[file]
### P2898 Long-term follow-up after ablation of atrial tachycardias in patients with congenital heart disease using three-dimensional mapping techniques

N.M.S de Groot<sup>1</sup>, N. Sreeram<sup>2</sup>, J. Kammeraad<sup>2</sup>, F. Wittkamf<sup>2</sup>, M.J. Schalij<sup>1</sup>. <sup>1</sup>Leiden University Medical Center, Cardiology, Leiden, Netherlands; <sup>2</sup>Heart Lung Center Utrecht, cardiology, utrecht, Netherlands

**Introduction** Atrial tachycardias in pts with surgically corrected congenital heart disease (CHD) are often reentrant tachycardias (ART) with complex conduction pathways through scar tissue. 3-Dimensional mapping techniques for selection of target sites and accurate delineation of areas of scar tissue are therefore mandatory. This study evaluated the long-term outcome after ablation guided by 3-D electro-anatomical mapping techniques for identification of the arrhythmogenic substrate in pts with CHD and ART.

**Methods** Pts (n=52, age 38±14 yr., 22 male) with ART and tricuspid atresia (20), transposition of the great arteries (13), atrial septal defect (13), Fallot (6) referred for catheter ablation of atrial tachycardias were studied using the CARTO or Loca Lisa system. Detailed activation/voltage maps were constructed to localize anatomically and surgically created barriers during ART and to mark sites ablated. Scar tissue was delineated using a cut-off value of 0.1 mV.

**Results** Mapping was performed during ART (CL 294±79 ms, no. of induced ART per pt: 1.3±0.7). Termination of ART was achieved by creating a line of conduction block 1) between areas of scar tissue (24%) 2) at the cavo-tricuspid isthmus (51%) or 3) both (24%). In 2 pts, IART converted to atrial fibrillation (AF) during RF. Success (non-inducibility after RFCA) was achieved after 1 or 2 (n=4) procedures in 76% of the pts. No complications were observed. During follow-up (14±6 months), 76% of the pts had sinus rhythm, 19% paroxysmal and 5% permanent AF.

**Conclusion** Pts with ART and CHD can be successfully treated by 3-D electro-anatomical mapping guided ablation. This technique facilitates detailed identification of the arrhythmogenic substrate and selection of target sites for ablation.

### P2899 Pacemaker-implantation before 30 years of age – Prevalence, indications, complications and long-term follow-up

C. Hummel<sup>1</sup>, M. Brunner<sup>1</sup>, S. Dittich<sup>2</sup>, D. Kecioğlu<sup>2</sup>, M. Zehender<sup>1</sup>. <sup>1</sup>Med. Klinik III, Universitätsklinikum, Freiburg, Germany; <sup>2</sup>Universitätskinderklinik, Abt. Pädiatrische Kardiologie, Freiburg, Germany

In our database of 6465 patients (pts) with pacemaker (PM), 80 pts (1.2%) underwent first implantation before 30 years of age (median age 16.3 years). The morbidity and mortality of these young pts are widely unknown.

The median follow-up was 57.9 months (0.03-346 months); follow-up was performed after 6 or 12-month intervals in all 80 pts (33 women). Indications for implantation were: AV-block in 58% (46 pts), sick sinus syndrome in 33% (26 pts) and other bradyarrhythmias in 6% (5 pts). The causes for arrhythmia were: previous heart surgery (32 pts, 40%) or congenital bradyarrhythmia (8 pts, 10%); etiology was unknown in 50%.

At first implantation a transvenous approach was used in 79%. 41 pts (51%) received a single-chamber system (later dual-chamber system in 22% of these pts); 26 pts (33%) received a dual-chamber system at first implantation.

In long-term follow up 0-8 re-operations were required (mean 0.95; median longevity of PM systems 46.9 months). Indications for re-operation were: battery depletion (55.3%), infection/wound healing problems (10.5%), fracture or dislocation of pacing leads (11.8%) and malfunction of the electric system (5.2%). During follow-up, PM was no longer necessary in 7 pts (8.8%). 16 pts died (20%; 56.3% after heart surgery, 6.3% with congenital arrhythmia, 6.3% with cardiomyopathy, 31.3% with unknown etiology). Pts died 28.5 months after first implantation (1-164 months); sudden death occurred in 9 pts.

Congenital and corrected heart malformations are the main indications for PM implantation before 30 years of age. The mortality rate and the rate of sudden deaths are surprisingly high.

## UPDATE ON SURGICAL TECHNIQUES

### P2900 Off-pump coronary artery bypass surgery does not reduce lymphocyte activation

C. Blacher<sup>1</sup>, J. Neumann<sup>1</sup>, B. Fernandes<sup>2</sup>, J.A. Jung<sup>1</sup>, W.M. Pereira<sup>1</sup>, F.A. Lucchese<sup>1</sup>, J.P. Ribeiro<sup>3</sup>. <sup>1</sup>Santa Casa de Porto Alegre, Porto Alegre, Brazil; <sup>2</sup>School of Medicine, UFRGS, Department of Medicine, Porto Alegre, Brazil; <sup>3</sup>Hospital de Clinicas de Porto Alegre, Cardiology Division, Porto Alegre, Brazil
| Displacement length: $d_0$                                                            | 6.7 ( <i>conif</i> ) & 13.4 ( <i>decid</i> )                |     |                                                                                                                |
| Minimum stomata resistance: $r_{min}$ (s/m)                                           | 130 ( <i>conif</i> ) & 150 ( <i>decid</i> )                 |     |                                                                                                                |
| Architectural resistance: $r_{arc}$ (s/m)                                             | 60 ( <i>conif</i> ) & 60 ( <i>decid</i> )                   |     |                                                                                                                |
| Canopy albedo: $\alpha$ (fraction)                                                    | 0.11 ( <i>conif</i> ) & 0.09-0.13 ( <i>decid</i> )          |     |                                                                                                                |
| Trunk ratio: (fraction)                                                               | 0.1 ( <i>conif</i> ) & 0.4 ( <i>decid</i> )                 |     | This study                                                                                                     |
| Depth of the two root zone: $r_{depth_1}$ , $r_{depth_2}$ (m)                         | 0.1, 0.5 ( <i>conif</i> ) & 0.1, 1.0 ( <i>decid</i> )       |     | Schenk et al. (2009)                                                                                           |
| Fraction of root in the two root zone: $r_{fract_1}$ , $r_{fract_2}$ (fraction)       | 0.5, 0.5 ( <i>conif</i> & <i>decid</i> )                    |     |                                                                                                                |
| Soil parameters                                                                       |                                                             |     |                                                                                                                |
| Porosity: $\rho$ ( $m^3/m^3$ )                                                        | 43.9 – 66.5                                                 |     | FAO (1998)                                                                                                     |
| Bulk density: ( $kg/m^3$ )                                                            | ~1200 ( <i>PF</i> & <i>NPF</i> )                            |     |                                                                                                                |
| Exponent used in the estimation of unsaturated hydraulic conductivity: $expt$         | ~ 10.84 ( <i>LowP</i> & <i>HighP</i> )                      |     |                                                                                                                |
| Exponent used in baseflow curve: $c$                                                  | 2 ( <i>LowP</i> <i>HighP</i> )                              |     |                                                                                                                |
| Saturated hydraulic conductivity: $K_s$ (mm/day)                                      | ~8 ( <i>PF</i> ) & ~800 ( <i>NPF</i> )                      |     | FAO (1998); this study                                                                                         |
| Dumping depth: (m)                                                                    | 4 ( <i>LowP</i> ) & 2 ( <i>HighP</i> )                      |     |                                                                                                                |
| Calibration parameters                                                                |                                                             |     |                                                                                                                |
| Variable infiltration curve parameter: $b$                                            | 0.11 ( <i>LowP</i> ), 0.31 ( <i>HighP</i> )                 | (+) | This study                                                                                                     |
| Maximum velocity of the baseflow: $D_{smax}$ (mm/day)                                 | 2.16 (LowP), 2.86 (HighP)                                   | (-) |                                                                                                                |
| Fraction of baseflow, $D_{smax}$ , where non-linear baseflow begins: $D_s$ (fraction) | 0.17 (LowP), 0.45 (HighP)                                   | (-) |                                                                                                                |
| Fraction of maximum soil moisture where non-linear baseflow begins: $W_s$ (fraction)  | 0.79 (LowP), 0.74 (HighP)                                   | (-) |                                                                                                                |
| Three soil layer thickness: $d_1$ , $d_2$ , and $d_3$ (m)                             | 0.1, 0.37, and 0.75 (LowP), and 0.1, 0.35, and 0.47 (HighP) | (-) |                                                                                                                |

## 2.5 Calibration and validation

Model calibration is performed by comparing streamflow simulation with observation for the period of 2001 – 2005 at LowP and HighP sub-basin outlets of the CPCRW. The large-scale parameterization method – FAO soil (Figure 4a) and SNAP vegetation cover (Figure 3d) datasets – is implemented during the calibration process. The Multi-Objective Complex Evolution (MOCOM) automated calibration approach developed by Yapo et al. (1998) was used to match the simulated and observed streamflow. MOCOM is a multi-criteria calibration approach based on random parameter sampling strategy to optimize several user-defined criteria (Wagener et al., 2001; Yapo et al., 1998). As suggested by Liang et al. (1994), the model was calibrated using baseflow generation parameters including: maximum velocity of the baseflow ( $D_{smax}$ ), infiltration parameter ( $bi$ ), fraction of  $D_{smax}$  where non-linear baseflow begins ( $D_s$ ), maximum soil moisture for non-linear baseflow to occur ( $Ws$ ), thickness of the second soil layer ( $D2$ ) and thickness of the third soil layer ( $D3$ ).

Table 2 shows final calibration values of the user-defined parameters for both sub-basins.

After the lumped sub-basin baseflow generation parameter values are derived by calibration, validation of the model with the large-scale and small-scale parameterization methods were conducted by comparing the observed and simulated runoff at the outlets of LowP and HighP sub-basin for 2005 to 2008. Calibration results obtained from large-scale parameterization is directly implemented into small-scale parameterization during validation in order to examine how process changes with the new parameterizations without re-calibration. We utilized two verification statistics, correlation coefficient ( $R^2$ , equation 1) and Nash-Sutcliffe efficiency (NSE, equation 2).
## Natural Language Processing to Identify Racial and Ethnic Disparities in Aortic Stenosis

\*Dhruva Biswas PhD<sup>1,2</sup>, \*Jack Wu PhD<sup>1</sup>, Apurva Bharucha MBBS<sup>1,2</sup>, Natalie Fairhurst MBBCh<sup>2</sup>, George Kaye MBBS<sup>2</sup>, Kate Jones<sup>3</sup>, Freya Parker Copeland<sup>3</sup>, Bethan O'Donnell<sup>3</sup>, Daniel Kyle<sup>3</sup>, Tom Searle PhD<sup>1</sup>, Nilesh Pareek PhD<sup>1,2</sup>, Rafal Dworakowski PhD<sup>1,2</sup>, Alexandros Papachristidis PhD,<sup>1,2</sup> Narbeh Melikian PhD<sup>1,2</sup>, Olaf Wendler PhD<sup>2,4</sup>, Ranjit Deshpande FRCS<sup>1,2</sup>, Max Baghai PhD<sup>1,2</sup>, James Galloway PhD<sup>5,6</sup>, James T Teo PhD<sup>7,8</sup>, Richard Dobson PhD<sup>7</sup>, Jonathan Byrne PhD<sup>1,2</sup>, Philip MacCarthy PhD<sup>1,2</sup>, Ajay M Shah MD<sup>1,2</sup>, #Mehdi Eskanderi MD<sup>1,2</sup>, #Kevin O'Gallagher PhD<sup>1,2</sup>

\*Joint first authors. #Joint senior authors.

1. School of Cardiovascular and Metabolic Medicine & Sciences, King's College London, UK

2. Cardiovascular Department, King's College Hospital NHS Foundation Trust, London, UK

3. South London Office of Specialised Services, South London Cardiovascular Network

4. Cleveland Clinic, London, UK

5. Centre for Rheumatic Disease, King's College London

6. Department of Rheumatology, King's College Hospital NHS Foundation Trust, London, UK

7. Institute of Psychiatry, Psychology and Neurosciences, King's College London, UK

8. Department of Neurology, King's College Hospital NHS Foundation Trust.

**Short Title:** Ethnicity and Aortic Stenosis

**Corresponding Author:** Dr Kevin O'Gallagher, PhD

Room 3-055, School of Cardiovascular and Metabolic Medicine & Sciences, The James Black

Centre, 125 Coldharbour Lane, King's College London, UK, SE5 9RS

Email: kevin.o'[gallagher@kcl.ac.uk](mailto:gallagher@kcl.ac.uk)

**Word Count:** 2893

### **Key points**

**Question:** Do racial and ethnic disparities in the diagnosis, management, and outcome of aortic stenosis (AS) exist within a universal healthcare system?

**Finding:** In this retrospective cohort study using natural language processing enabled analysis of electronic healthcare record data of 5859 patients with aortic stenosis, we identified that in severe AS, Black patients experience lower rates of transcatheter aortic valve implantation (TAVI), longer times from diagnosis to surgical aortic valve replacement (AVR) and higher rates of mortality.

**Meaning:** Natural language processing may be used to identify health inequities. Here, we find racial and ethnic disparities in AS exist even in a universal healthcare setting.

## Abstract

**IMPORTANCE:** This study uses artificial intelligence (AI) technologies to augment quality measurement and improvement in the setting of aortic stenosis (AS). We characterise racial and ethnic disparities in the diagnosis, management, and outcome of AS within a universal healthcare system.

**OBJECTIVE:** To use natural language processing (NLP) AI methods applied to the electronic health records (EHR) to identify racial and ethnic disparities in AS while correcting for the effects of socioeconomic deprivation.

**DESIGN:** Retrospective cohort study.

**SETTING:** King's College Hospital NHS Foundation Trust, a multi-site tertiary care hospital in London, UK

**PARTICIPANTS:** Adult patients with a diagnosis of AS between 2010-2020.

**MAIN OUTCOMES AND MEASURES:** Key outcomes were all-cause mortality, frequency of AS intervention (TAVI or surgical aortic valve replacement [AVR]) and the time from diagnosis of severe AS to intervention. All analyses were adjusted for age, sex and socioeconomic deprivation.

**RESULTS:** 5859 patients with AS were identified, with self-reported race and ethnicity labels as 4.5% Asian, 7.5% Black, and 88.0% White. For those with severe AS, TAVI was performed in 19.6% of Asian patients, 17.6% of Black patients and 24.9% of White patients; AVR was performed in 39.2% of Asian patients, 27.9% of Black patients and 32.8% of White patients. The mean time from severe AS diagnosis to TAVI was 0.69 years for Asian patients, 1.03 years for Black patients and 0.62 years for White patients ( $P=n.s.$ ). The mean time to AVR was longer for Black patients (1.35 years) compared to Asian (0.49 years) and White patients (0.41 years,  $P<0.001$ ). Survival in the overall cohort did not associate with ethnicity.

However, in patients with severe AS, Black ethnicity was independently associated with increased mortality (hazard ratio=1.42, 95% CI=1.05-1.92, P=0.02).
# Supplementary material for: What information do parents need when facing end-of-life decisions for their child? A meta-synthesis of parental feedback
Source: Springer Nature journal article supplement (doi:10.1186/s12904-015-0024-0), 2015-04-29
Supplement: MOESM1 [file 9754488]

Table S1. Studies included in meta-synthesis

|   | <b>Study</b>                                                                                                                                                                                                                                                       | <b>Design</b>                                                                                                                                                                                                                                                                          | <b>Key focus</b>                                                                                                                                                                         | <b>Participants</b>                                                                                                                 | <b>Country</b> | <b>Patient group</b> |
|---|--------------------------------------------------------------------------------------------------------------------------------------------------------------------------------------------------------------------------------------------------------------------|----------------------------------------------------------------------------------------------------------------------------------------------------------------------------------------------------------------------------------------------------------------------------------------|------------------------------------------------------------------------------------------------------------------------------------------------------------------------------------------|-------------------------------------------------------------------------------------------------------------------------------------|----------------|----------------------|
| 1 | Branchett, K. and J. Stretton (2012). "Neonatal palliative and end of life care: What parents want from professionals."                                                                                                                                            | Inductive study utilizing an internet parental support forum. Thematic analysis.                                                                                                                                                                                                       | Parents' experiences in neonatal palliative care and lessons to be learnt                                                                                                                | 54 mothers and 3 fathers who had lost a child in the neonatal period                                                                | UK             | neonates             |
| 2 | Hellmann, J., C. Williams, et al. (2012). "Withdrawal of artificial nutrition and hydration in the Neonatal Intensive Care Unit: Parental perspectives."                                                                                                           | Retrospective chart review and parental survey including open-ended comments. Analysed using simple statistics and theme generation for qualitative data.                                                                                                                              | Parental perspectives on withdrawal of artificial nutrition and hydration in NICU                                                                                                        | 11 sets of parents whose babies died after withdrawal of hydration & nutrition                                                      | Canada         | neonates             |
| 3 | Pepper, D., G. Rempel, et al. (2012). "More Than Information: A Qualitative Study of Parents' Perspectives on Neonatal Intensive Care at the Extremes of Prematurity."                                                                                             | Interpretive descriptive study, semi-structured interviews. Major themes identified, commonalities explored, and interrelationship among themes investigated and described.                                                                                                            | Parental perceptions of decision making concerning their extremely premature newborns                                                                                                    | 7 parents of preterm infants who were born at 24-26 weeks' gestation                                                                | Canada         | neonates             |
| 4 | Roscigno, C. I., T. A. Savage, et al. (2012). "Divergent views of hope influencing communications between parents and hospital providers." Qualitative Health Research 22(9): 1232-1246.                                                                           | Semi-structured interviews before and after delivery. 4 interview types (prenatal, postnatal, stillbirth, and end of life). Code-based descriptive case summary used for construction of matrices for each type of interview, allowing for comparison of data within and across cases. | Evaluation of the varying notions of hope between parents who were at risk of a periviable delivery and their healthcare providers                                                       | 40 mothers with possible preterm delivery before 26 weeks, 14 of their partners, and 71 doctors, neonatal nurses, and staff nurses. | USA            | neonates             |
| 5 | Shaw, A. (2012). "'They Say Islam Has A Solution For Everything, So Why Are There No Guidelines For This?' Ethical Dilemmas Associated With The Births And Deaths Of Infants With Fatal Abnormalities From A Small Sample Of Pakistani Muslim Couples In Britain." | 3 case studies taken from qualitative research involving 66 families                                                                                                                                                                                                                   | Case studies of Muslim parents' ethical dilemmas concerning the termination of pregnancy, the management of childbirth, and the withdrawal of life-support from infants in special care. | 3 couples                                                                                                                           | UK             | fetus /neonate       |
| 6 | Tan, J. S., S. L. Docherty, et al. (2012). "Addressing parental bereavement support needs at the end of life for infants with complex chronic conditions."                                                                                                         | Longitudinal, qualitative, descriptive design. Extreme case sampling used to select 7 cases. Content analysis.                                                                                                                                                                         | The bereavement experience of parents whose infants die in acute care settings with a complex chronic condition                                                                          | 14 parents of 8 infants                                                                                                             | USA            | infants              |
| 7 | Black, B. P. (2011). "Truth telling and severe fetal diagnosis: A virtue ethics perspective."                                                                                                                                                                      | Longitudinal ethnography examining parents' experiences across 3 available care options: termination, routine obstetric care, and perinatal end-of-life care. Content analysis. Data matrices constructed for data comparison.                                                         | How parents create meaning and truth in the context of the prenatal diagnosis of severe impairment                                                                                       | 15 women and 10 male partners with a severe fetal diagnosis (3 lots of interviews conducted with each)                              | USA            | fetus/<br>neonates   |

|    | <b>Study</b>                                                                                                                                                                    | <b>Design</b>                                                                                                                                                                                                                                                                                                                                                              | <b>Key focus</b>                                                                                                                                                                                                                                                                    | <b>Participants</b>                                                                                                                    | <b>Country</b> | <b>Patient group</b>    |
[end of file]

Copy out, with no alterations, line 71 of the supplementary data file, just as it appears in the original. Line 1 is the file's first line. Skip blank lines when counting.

# Supplementary material for: What information do parents need when facing end-of-life decisions for their child? A meta-synthesis of parental feedback